While all of this was happening, Joe was moving—from the Cleveland area to Athens, Ohio, to Columbus, Ohio, and eventually landing with his future wife in Portland, Oregon, which, Joe writes, “had become something of a magnet for people involved in punk and zine cultures.” A large portion of Good Trouble details Joe’s perspective on his whirlwind of a relationship with his girlfriend/wife/ex-wife that took place while Microcosm was exclusively located in Portland. They connected on many levels, including their love of punk rock and zines, but couldn’t get along. Despite his reservations, they marry; then after seeing a counselor, they ultimately divorce. Afterward, it appeared that nothing Joe could do to make amends would placate her. Word spread throughout the community that Joe emotionally abused her, which was news to him; from his account, she appeared the abuser. Inaccuracies abounded about their breakup, and Microcosm came under scrutiny for its supposedly unethical business practices. Due to Joe’s relatively public position in the punk/zine community (and his reliance on that community to support Microcosm), he issued public apologies and followed through on his ex-wife’s demands, primarily that he go through an accountability process and seek treatment from a feminist therapist.
While a painful and confusing process, it was not all bad, as it was during this time that he eventually came to discover he has Asperger’s. He writes:
I’ve heard dozens of Aspies express a similar feeling of comfort in this diagnosis. It was the greatest revelation of my life to date. Slowly every pain, hardship, and depression in my life that others didn’t seem to experience could be explained by and traced back to a single word.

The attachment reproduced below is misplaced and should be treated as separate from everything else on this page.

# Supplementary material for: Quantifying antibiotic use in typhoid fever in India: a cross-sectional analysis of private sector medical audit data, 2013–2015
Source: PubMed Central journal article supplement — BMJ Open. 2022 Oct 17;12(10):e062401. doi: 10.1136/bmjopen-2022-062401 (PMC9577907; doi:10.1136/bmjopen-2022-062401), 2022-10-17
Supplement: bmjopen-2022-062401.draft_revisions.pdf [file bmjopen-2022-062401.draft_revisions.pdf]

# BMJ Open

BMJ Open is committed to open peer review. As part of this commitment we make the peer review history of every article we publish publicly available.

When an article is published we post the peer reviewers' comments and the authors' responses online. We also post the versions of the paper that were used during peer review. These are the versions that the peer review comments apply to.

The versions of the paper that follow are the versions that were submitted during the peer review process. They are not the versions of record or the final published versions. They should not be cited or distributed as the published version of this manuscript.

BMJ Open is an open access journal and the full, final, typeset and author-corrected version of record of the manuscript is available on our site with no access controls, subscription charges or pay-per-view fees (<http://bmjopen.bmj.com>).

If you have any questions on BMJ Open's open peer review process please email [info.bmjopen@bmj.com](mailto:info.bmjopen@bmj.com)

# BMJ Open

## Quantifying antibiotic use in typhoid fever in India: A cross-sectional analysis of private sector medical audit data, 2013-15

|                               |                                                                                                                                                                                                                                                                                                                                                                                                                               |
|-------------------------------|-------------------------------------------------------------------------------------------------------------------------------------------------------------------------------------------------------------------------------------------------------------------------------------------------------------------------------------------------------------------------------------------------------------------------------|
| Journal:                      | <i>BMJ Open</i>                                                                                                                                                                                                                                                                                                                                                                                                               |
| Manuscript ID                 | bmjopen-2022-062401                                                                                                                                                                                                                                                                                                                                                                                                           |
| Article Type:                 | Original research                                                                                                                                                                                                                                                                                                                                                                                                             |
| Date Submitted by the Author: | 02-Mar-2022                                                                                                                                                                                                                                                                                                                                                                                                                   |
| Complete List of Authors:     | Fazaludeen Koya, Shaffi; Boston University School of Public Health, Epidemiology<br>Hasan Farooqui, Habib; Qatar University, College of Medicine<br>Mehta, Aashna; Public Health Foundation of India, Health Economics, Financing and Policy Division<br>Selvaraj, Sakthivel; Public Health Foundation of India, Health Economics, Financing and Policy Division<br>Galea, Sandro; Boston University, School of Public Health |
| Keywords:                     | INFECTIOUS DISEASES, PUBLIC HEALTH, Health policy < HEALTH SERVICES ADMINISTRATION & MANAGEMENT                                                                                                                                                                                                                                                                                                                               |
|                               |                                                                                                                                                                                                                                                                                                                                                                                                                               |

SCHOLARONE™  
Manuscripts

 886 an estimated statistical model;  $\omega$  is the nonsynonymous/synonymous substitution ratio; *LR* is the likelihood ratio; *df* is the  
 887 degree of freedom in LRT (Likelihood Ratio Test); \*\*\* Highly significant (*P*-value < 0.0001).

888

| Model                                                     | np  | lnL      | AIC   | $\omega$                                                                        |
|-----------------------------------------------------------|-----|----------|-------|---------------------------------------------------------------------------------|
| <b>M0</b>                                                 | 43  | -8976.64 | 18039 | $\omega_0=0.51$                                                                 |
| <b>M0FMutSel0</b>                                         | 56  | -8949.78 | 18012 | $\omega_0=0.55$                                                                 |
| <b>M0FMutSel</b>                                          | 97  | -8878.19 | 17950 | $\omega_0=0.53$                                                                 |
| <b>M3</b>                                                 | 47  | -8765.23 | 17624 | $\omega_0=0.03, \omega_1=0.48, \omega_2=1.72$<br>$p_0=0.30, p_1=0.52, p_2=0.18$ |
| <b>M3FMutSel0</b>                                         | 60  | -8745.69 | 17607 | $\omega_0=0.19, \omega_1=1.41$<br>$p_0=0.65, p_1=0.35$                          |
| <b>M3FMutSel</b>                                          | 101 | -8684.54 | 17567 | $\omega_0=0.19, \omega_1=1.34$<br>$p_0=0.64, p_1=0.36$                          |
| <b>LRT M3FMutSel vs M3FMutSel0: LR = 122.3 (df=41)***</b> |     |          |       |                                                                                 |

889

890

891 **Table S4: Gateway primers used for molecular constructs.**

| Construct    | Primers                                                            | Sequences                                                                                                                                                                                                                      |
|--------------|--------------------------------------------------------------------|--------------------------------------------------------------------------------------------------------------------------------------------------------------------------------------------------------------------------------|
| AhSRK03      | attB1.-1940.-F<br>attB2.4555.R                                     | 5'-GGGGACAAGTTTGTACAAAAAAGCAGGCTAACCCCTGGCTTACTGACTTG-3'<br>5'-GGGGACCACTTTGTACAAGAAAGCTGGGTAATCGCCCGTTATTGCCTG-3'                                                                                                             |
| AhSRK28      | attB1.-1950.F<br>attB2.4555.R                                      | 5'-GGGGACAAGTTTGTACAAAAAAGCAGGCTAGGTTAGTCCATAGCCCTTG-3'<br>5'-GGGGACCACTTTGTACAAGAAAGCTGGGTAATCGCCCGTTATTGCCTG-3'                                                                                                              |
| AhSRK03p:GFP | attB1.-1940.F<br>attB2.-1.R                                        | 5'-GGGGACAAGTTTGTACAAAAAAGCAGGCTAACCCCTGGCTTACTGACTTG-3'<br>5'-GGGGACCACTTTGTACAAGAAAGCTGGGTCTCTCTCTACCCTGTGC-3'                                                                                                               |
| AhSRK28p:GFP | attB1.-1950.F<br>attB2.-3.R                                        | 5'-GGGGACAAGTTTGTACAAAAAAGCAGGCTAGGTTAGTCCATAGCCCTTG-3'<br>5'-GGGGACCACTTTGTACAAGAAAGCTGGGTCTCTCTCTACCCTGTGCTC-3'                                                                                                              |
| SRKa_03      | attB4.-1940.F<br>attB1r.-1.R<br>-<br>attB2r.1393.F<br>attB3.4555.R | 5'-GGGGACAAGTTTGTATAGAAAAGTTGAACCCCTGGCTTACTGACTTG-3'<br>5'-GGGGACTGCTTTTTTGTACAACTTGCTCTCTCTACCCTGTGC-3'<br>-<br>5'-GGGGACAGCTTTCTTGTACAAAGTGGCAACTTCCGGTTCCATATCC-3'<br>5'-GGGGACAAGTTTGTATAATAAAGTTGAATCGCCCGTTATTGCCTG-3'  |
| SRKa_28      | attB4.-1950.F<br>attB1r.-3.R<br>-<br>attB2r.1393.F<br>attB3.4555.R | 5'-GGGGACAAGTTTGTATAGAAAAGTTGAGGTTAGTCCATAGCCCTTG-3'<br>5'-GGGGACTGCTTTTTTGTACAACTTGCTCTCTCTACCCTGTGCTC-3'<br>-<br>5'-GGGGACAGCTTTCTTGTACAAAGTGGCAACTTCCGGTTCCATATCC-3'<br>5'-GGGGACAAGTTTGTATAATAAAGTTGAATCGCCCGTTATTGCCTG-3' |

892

Good Trouble is a memoir of Joe’s life, and we get everything from his youth to date, but its publication is also an opportunity for him to clear the air and present his side of a story that made him look like the bad guy. In retrospect, one could argue that his public demonization was a chance for many people to confront issues long left unacknowledged in the small community, most of which had to do with interpersonal relationships. This is, after all, also the story of punk kids who, now in their thirties and forties, are realizing they have to explore the terrifying realities of a future many thought they’d never grow old enough to see.
Good Trouble sometimes reads like a dense history tome, less a cohesive narrative than a messy pile of events, likely resulting from a need to tell the whole story instead of focusing on the more salient details. Personally, I’d have liked to read more about Microcosm as an evolving business philosophy, and less about his relationship with his now-ex-wife. But despite this, I’m glad to have finally heard Joe’s side of the story, and can see this book as a necessary step in documenting a slice of the history of small press publishing in America.